| 2 min read | by Doug Marrin |
The City of Ann Arbor is busy this summer building protected bike lanes on a couple of the city’s busier streets. Around Washtenaw County there are miles of shared pathways being constructed which keep non-motorize traffic away from the road.
Here’s why these are such great initiatives.
There are plenty of good reasons that people should cycle more. People who exercise more are healthier and can score higher on cognitive tests, for one thing. And replacing short car trips with journeys by bike (or on foot) is a good thing if we’re ever going to move beyond whining and actually do something about this whole climate change thing.
That will only work when people feel safe swapping their two-ton carbon-emissionsmobile for a 25-lb oxygen burning, health elevating, life-extending pair of pedals. And to make cyclists feel safe, we’re going to have to do more than paint a line on the road. In fact, a study from Monash University in Australia suggests that merely painting bike lanes onto the roads may be counterproductive.
In the study, researchers identified 18,527 instances where a vehicle overtook a cyclist. Of these, 1,085 happened with less than 39 inches’ passing distance between bike and vehicle, a distance that’s considered “close” under Australian law. The majority of passes occurred in areas with 37 mph speed limits, with an average passing distance of 75 inches. But those distances were much closer in areas with lower limits (66 inches in 24 mph zones, 67 inches 30 mph zones). Somewhat worryingly, drivers were also more likely to get closer (60 inches) to cyclists when passing in 62 mph zones.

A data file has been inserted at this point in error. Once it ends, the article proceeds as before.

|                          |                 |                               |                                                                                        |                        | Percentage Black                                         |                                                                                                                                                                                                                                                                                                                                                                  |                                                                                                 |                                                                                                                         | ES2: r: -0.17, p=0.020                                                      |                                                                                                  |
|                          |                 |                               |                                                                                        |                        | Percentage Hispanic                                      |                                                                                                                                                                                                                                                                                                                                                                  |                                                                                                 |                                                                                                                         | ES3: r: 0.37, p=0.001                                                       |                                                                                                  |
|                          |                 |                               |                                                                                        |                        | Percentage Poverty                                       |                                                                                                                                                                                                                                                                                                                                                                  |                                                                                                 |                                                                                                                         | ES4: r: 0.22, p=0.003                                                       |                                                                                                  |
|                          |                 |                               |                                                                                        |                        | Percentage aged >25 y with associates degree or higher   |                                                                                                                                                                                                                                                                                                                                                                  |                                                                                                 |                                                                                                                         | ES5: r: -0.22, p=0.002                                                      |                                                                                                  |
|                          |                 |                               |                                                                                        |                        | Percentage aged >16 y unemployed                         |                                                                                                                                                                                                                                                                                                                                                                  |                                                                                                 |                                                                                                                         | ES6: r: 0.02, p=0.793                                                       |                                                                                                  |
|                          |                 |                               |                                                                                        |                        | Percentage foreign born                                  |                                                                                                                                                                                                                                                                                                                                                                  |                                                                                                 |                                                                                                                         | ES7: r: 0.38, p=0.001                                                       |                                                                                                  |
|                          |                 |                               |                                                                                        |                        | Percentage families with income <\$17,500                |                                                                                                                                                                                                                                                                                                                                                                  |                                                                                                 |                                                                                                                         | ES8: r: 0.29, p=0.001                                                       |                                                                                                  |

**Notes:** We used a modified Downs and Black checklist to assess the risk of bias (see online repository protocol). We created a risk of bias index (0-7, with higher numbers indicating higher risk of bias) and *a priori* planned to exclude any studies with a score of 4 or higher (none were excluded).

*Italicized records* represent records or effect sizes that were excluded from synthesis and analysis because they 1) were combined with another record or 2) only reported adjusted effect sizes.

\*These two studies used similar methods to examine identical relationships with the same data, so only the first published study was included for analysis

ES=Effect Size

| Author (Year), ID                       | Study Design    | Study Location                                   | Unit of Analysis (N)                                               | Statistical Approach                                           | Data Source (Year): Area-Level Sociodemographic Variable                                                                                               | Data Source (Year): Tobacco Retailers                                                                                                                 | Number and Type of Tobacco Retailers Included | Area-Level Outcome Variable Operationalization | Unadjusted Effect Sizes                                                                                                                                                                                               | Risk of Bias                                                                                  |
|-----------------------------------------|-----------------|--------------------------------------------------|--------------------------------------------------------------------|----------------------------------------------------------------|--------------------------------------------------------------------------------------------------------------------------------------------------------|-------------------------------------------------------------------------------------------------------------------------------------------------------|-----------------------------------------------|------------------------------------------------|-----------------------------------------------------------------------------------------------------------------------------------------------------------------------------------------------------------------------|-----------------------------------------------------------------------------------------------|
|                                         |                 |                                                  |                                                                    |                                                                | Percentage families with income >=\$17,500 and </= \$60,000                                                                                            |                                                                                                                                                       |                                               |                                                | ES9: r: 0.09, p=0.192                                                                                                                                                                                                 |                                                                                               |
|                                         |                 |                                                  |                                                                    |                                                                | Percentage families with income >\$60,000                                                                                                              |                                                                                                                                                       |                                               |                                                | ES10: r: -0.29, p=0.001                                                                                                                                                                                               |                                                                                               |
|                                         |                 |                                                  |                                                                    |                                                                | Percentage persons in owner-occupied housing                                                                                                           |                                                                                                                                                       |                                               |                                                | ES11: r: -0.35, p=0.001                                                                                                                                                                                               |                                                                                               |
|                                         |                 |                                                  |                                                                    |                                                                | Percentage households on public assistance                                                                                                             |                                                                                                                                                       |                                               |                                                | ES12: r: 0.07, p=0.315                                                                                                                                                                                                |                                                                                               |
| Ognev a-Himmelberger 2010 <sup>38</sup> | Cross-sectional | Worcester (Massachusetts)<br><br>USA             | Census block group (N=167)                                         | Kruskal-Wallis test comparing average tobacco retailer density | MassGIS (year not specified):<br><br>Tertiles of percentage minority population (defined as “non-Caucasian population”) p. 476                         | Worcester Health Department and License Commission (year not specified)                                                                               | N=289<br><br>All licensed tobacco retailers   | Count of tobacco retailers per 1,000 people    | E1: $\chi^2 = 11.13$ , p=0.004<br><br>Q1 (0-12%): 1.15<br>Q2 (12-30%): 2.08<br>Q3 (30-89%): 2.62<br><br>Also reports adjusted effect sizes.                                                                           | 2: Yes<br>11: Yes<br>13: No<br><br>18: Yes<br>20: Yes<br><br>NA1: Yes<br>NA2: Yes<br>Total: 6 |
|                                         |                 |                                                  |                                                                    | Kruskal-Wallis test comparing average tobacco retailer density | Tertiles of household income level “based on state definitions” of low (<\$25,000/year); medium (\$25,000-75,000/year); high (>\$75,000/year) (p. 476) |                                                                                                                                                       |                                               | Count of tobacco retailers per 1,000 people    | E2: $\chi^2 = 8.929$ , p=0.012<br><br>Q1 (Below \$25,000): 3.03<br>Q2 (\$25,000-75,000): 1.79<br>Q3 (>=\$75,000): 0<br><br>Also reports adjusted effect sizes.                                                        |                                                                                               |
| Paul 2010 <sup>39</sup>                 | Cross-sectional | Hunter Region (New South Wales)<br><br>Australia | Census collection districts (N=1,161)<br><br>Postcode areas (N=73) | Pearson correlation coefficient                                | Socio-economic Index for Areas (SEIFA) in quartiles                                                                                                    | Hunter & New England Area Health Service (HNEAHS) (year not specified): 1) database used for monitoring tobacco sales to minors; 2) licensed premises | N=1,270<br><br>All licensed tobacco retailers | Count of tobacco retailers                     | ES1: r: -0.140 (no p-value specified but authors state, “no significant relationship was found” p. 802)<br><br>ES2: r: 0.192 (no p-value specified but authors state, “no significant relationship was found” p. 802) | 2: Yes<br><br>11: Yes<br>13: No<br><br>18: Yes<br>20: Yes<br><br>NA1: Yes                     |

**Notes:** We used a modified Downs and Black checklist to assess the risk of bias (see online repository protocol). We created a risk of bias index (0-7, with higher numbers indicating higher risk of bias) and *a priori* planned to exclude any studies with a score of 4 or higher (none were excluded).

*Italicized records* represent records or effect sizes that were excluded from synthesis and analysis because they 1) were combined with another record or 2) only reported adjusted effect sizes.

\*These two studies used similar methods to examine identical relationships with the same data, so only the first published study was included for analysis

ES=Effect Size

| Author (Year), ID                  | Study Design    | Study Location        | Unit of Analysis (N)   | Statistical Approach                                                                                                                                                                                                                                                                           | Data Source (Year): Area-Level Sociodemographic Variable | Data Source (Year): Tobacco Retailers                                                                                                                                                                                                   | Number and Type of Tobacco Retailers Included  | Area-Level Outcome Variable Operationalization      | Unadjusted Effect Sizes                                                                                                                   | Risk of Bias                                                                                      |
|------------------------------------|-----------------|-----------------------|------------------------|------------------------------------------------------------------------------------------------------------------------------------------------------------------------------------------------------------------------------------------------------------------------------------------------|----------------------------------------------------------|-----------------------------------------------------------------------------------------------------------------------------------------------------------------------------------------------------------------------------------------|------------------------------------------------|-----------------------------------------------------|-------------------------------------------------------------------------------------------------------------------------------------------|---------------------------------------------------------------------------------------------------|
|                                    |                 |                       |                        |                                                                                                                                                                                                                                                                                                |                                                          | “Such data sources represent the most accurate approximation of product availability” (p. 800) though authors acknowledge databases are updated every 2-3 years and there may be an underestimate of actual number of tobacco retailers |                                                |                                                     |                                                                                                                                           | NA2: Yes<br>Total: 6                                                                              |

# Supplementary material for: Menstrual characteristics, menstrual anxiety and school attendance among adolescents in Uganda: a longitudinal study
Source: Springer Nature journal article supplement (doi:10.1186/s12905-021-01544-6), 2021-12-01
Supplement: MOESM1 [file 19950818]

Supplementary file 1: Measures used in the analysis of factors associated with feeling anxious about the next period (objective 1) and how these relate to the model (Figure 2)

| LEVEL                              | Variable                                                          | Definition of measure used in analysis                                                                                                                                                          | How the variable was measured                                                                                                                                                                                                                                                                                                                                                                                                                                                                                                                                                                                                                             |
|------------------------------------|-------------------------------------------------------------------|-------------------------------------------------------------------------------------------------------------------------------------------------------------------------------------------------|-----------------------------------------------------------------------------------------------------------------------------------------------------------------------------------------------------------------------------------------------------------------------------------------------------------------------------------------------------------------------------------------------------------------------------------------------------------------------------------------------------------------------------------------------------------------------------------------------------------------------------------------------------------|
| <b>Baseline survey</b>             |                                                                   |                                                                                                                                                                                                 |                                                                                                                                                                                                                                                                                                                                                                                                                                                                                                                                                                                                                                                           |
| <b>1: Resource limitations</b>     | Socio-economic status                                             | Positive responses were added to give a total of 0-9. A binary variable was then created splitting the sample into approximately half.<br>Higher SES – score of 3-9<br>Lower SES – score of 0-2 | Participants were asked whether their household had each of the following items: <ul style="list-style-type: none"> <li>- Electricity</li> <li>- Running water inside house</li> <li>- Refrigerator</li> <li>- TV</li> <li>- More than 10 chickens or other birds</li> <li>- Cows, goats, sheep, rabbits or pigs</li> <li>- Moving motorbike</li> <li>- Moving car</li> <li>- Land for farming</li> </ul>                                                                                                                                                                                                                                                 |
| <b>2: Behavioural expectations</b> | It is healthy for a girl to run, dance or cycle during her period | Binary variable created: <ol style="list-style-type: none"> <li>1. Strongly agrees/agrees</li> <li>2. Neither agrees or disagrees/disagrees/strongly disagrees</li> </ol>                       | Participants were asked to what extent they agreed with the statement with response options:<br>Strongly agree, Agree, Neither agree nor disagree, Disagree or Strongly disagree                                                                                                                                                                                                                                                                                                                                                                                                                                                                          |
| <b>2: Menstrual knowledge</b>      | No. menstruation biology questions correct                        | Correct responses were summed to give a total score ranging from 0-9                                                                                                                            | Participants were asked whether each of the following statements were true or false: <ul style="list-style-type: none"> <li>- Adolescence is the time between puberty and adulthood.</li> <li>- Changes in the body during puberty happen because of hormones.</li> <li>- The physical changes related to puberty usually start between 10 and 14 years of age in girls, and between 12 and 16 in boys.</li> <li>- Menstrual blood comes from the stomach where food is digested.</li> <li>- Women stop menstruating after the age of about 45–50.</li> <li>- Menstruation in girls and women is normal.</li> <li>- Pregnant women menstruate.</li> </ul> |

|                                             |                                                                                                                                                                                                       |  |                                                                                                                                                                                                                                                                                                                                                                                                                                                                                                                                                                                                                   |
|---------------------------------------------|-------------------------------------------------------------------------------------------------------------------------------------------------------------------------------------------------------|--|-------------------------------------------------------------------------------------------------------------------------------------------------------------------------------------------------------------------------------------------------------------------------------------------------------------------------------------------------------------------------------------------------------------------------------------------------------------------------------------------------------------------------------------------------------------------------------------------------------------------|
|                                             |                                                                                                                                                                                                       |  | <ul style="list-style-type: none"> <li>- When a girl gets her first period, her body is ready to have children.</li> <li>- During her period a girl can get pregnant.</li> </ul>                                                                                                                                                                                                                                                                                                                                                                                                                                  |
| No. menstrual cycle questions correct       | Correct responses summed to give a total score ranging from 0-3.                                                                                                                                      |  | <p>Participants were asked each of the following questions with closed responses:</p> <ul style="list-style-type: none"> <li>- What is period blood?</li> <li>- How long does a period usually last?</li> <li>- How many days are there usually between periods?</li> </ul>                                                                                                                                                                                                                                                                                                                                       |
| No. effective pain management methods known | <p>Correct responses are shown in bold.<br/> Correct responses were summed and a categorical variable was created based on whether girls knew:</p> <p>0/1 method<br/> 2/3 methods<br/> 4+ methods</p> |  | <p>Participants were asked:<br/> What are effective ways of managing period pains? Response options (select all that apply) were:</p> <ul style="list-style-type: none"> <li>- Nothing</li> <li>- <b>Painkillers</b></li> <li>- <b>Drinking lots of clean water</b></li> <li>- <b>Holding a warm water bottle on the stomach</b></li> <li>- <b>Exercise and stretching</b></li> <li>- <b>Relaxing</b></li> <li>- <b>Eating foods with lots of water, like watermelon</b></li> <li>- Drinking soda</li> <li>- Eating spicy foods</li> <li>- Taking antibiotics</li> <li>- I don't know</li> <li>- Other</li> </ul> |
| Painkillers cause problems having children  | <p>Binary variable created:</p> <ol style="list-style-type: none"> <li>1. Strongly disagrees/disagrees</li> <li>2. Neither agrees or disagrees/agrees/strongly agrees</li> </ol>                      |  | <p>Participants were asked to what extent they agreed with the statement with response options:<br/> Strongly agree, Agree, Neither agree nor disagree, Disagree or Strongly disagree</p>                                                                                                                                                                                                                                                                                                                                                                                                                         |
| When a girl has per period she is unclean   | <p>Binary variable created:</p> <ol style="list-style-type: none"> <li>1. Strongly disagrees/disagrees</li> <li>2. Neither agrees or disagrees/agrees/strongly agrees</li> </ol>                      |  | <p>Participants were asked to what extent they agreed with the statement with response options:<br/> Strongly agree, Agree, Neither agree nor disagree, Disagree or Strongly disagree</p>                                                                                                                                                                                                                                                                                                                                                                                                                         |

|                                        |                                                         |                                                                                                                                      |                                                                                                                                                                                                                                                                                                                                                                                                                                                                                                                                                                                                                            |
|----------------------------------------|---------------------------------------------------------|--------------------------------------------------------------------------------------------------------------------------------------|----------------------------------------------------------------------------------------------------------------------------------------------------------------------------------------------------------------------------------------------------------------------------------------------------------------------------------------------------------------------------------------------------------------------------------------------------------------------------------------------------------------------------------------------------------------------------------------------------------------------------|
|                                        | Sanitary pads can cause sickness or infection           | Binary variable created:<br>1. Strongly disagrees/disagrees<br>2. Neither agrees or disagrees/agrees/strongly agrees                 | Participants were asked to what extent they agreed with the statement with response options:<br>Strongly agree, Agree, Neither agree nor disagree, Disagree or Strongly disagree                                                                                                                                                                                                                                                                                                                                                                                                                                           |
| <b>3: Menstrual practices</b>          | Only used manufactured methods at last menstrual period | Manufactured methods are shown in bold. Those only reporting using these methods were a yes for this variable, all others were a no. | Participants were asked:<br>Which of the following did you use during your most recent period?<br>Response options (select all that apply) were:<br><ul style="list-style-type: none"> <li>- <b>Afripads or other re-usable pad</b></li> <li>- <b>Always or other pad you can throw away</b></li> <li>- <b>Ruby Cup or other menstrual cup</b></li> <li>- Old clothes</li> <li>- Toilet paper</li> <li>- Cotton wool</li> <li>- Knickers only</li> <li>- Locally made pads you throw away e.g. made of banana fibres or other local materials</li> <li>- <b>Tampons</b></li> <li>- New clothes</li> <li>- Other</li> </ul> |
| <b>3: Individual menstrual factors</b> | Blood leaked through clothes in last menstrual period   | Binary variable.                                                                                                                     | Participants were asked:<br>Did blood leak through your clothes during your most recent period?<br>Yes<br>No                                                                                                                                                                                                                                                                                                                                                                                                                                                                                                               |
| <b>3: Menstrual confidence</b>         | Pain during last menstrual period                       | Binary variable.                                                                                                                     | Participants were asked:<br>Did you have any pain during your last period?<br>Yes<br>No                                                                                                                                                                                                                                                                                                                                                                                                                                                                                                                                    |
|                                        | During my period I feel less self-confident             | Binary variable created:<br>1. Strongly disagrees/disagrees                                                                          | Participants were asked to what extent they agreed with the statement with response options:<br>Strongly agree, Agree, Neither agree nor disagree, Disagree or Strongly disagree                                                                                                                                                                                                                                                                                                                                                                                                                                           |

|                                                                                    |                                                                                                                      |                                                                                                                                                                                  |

The roadscape seems to have a big impact and here’s where painted bike lanes appear to be counterproductive. On average, cars left
- 10 inches less room when cyclists were using painted bike lanes.
- 12 inches less room when cyclists rode along a row of cars parked along the road.
- 15.7 inches less room when the road had parked cars along the curb AND a painted bike lane next to the parked cars.
In a twist of what you would expect, cars left cyclists the most room on stretches of road with no painted bike lanes and no parked cars.
What the fossil-goo burners should pause and consider is that if they can muster themselves to change their philistine driving habits by giving cyclists enough space to feel safe, then cycling would increase and they would have less traffic to deal with.
“We know that vehicles driving closely to cyclists increases how unsafe people feel when riding bikes and acts as a strong barrier to increasing cycling participation. Our results demonstrate that a single stripe of white paint does not provide a safe space for people who ride bikes,” said Dr. Ben Beck, lead author of the study.